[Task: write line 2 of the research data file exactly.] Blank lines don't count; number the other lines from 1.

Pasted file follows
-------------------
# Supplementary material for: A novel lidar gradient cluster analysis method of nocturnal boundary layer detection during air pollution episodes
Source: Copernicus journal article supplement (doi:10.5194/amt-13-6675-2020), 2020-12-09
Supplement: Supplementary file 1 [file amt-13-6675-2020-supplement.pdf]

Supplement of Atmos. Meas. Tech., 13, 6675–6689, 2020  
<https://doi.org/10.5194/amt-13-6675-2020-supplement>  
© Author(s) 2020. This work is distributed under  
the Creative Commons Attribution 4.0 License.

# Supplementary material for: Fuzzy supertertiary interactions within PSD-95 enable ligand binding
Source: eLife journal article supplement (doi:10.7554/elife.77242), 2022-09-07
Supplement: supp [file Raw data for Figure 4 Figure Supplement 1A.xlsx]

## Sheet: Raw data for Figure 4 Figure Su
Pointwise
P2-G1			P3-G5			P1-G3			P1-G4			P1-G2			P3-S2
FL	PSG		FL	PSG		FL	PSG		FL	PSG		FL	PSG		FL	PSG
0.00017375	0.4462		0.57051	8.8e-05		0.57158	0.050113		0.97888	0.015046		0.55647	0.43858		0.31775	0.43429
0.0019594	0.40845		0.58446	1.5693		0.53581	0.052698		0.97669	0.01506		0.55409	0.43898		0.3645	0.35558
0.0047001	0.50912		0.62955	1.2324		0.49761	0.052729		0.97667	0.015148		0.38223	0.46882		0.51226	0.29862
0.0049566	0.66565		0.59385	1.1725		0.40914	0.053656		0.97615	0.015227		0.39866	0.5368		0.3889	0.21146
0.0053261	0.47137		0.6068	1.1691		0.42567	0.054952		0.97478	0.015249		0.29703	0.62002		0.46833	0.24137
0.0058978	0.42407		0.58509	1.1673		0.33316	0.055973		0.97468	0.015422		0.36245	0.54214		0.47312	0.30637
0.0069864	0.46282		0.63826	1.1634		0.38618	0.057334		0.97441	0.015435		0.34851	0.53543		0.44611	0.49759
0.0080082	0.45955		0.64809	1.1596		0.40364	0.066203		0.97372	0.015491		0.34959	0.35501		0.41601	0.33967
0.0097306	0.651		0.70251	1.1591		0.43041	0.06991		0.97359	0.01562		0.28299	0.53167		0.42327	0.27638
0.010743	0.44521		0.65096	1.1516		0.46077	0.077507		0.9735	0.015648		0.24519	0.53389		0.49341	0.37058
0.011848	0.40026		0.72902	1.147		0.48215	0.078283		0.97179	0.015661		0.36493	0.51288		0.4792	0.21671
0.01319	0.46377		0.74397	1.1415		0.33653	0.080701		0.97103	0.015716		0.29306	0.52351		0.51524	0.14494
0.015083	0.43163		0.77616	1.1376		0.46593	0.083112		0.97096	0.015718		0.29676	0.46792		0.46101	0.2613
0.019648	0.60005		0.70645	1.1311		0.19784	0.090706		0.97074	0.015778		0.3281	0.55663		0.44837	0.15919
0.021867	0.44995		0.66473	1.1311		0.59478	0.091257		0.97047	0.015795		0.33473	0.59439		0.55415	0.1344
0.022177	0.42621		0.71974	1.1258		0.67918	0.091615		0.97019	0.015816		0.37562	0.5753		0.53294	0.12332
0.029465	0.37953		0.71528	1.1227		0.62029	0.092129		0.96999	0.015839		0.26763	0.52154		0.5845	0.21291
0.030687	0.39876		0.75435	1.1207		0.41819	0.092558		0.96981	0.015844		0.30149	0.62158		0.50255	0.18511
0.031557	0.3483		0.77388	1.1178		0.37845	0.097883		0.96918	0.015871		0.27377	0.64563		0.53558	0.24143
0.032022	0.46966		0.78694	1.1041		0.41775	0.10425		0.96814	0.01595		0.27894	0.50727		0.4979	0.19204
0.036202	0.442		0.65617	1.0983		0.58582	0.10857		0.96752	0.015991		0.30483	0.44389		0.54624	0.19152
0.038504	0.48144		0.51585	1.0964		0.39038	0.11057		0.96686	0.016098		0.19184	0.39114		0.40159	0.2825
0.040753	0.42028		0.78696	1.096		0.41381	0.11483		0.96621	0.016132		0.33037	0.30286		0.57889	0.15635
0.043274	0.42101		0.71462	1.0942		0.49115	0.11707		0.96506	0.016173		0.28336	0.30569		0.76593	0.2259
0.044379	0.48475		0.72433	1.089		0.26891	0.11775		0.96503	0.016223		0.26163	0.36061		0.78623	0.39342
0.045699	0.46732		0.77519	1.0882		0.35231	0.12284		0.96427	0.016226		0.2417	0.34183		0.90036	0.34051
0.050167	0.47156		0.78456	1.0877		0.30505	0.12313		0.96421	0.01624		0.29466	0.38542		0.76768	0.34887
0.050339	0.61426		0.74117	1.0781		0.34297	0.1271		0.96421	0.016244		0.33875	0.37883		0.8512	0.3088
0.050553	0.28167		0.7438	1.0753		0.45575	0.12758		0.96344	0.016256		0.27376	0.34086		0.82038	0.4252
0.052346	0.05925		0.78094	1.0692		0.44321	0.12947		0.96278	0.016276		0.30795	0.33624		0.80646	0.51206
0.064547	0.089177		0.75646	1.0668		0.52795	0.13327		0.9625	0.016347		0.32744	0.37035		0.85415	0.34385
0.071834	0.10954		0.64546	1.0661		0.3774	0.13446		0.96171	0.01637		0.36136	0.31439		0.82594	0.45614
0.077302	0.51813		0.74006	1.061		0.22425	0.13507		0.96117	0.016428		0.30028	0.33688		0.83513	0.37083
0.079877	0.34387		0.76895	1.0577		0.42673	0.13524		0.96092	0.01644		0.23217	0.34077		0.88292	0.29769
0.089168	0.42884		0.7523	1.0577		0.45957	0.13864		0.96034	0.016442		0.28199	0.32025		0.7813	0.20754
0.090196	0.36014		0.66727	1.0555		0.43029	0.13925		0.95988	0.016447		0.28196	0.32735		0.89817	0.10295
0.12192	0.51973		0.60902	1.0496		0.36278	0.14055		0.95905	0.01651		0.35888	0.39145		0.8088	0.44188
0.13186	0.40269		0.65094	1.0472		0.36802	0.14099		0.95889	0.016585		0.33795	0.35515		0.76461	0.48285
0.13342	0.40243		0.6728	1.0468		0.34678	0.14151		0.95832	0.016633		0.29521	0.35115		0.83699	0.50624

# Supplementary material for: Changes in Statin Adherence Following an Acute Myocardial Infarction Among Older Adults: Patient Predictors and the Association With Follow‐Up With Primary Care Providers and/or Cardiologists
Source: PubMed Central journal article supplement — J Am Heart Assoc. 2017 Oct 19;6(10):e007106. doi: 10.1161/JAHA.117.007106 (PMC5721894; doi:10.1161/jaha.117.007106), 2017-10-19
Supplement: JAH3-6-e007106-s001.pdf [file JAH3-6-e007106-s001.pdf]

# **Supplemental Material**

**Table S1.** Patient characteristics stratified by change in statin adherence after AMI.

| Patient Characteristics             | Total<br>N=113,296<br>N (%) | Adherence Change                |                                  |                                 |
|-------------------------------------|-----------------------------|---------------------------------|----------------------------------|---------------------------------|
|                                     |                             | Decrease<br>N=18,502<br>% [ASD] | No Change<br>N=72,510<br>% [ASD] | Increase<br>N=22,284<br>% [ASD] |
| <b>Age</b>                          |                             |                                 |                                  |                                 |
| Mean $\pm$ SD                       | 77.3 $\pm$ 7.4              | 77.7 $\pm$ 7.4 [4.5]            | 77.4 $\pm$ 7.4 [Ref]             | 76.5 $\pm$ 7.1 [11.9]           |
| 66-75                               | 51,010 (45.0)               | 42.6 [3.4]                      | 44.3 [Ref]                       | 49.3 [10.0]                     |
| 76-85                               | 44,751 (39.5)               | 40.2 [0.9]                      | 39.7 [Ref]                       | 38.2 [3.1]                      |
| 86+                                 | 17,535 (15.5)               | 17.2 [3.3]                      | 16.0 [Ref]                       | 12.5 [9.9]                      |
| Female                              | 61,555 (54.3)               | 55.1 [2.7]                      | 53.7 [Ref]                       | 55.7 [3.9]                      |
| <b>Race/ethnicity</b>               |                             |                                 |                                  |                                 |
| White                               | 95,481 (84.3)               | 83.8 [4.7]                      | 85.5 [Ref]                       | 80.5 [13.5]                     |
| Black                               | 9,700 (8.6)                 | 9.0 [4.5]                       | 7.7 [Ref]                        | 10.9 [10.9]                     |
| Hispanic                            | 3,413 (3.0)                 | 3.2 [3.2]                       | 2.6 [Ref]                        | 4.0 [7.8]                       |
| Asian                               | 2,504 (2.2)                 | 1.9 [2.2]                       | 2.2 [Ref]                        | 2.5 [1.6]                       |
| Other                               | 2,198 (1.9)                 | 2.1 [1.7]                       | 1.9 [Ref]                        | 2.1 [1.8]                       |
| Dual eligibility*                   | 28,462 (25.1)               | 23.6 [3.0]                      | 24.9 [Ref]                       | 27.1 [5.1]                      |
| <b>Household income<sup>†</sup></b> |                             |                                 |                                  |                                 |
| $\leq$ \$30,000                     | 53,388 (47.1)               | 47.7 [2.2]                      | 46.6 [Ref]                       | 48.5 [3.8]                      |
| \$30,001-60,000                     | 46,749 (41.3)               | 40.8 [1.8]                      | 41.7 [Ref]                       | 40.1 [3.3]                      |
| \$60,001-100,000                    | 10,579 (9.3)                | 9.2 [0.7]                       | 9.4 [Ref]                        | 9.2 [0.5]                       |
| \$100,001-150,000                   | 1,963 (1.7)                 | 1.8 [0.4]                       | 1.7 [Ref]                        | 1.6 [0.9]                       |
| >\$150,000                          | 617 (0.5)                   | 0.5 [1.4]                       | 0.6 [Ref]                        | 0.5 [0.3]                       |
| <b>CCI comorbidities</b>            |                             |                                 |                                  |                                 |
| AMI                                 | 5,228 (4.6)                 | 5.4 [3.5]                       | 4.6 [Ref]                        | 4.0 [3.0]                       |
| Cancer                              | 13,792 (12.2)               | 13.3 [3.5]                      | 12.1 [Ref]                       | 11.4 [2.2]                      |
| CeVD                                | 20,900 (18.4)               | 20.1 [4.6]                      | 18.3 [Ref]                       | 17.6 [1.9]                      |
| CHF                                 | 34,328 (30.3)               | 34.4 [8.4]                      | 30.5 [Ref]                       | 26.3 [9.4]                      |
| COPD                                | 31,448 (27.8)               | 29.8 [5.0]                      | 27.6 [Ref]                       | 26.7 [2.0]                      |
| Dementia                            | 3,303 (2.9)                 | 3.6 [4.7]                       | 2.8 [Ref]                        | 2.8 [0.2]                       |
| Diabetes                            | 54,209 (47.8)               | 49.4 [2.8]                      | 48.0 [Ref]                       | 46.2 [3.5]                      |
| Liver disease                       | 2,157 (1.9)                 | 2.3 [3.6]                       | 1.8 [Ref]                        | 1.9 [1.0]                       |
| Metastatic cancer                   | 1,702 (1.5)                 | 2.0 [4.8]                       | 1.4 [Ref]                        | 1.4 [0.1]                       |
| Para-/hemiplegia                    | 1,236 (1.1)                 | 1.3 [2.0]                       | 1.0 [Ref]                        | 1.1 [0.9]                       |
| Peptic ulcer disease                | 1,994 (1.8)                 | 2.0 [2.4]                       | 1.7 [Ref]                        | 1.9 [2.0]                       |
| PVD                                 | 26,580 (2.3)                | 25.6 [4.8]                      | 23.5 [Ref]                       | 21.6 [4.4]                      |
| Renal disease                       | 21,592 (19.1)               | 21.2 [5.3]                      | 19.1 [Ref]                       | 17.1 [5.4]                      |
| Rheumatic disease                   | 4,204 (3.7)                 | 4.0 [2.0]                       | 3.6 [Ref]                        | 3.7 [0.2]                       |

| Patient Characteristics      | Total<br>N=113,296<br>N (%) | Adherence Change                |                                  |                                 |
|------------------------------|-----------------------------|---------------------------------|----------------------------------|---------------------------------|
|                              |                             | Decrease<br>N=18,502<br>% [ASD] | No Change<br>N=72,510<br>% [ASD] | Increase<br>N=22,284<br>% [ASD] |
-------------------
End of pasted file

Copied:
Source: Copernicus journal article supplement (doi:10.5194/amt-13-6675-2020), 2020-12-09